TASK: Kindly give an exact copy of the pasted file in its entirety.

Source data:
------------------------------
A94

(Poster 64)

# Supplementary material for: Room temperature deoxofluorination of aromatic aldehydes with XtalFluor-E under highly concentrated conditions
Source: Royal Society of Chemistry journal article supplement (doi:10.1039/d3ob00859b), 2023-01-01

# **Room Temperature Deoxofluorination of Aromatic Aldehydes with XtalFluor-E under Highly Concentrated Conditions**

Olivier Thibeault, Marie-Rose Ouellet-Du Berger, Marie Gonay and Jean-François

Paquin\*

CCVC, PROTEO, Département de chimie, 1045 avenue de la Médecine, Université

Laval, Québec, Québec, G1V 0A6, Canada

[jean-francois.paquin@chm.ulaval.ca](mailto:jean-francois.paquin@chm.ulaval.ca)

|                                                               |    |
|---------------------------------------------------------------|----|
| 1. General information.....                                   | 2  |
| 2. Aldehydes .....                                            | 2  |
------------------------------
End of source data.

A94

(Poster 64)

# Supplementary material for: Room temperature deoxofluorination of aromatic aldehydes with XtalFluor-E under highly concentrated conditions
Source: Royal Society of Chemistry journal article supplement (doi:10.1039/d3ob00859b), 2023-01-01

# **Room Temperature Deoxofluorination of Aromatic Aldehydes with XtalFluor-E under Highly Concentrated Conditions**

Olivier Thibeault, Marie-Rose Ouellet-Du Berger, Marie Gonay and Jean-François

Paquin\*

CCVC, PROTEO, Département de chimie, 1045 avenue de la Médecine, Université

Laval, Québec, Québec, G1V 0A6, Canada

[jean-francois.paquin@chm.ulaval.ca](mailto:jean-francois.paquin@chm.ulaval.ca)

|                                                               |    |
|---------------------------------------------------------------|----|
| 1. General information.....                                   | 2  |
| 2. Aldehydes .....                                            | 2  |